COVID-19 led to coal production and import decline: Economic Survey

This is a very worrying trend, says Delhi-based non-profit CSE

By Ishan Kukreti
Published: Friday 29 January 2021

India’s coal production in 2020-21 declined as compared to the previous year due to the novel coronavirus disease (COVID-19) pandemic, the Economic Survey 2020-21 released January 29, 2021 by the Union Ministry of Finance, said.

The production of coal in 2020-21, stood at 337.52 million tonnes (MT), a 3.3 per cent decline from the production levels in 2019-20.

“The contraction in production is attributable to COVID-19,” the survey said.

The import of coal was 248.54 MT in 2019-20, a growth of 5.7 per cent over 2018-19. In monetary terms, the import of coal dropped to $9.7 billion in 2020-2021, from $15.6 billion in 2019-20.

“Despite the commercialisation of coal mines and various efforts to publicly auction coal produced in India, its coal imports have not significantly declined. This is a very worrying trend,” Soundaram Ramanathan, deputy programme manager, environment governance (Energy) programme, at the Delhi based non-profit, Centre for Science and Environment, said.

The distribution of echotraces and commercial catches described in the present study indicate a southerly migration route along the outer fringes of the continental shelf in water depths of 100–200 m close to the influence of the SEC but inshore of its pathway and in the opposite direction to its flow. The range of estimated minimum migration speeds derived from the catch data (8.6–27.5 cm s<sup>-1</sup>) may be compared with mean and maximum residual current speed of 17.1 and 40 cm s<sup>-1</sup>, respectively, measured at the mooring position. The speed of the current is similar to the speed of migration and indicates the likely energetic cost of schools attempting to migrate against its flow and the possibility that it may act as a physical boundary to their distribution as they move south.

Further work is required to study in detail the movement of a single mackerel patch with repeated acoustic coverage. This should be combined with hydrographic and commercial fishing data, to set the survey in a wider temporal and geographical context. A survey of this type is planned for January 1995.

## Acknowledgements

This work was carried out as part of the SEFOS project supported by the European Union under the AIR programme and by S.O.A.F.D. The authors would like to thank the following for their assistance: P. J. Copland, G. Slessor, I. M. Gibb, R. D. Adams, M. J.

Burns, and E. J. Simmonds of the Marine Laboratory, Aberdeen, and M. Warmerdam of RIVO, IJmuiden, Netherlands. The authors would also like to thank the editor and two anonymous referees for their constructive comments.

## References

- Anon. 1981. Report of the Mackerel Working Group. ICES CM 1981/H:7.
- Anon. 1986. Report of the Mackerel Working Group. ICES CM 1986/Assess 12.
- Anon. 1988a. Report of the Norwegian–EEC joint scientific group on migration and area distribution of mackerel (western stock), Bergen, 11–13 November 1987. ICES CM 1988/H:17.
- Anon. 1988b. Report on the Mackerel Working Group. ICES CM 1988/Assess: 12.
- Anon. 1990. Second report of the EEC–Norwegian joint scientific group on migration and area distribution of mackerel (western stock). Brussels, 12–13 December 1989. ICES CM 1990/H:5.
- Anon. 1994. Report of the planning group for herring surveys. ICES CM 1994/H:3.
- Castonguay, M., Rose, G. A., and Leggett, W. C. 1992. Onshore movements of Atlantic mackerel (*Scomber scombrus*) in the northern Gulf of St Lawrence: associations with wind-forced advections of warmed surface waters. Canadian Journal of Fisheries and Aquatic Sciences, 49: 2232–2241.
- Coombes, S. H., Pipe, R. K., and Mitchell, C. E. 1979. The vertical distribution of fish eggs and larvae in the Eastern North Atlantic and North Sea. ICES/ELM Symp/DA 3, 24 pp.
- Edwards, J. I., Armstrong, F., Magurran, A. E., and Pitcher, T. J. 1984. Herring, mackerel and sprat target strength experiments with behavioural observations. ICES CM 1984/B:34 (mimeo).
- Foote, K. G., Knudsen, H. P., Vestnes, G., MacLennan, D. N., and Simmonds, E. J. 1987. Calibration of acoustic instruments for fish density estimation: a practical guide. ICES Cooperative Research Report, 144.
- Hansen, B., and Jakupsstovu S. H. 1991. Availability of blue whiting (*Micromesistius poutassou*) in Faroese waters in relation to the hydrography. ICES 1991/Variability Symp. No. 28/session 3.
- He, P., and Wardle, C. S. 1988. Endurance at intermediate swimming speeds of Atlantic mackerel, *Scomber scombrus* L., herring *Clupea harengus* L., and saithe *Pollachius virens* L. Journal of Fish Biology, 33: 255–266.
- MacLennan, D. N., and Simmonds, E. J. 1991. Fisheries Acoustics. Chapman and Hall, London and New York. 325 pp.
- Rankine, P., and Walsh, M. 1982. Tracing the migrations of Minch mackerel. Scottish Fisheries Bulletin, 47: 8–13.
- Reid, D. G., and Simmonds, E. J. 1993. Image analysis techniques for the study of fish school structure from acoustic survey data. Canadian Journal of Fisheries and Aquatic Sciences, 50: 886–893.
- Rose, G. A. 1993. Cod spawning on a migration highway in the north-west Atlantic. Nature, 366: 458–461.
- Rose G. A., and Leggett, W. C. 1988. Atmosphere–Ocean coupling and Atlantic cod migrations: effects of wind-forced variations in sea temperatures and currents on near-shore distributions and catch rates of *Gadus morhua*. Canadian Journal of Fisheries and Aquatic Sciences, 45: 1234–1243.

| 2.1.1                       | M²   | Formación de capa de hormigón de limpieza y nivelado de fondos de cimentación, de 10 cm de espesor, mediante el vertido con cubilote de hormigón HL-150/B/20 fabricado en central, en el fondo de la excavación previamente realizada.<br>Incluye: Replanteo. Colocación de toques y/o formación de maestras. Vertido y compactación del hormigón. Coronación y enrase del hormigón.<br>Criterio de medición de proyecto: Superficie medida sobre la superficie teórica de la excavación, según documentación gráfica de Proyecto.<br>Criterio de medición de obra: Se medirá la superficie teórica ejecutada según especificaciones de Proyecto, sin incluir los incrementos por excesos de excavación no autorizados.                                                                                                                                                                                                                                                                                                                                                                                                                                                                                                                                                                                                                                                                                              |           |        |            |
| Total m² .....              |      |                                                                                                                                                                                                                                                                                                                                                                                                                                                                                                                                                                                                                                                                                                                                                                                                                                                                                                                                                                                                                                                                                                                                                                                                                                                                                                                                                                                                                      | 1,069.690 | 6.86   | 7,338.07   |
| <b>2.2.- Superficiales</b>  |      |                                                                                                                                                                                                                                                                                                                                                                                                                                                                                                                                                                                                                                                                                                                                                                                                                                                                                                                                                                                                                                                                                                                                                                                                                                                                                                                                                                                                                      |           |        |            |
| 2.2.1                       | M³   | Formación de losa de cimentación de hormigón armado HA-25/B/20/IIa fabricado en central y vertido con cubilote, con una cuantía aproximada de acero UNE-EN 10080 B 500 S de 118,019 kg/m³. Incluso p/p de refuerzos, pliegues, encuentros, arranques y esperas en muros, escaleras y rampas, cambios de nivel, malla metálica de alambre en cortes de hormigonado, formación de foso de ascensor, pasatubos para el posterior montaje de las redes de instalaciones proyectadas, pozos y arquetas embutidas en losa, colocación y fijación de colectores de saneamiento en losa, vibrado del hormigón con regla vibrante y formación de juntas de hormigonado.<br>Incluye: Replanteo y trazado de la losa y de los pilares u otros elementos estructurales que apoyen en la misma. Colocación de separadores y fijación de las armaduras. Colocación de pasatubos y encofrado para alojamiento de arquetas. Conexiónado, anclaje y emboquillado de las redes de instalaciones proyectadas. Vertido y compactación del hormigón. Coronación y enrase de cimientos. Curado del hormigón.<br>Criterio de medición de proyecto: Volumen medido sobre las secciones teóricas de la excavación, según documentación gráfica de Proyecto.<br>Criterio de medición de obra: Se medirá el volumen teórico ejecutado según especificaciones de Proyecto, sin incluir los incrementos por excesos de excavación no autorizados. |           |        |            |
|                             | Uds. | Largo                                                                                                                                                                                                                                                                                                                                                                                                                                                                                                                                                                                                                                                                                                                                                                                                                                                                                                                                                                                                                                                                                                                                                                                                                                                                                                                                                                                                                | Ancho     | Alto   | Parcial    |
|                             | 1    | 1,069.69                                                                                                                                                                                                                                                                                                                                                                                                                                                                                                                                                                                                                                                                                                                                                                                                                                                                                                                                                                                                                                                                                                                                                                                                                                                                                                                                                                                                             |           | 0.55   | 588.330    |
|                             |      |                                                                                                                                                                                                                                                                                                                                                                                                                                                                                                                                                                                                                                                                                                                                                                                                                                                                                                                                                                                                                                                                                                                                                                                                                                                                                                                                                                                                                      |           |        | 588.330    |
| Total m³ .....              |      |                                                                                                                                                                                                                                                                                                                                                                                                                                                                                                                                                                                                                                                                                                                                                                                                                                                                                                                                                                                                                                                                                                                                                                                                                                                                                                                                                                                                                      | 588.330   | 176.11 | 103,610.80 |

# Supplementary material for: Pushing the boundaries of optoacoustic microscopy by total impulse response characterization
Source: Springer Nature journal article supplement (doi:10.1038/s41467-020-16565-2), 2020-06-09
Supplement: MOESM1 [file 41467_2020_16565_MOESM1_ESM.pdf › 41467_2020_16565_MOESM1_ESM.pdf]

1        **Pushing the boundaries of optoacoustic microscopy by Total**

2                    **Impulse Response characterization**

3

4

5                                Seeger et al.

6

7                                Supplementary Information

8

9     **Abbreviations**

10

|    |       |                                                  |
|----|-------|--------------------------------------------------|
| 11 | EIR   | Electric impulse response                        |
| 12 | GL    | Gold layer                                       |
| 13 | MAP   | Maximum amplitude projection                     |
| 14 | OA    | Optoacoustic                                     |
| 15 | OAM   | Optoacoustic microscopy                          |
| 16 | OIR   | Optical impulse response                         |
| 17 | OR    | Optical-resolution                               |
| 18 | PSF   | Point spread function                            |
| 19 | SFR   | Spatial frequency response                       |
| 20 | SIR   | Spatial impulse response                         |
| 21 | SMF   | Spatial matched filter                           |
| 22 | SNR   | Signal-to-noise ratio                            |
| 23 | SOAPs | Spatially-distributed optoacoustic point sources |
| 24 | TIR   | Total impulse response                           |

“Industries today are large consumers of imported coal. This indicates the industries are importing more and are having limited options to switch to other fuels like natural gas and electricity. This unbalanced growth can increase air pollution and impact the health of people,” she added.

Coal is one of the most important and abundant fossil fuels in India. It accounted for around half of the country’s energy needs. Coal is not only the primary source of energy in the country but is also used as an intermediary by many industries such as steel, sponge iron, cement, paper and brick kilns.

On June 18, 2020 Prime Minister Narendra Modi announced that there would be no end use restriction on coal mining, thereby commercialising the coal mining sector.

The sector was nationalised in 1973 by the then Prime Minister Indira Gandhi and coal could only be sold by government companies.

The government has also taken measures to make the coal sector ‘green’.

Among other things, the Union Ministry of Coal is creating a carbon sink. About 54,500 hectares (ha) of land has been brought under green cover by planting 132 million trees — an estimated carbon sink of 2.7 lakh tonnes of carbon dioxide equivalent per year. The plan is to cover 20,000 ha of additional area by planting around 50 million trees by 2030.

Two coal bed methane projects with a considerable potential for carbon footprint reduction are in the pipeline.

The government also plans surface coal gasification projects (100 MT coal) by 2030, with a relatively lesser carbon footprint.

There are also first mile connectivity projects such as the transportation of coal from pitheads to dispatch points.  

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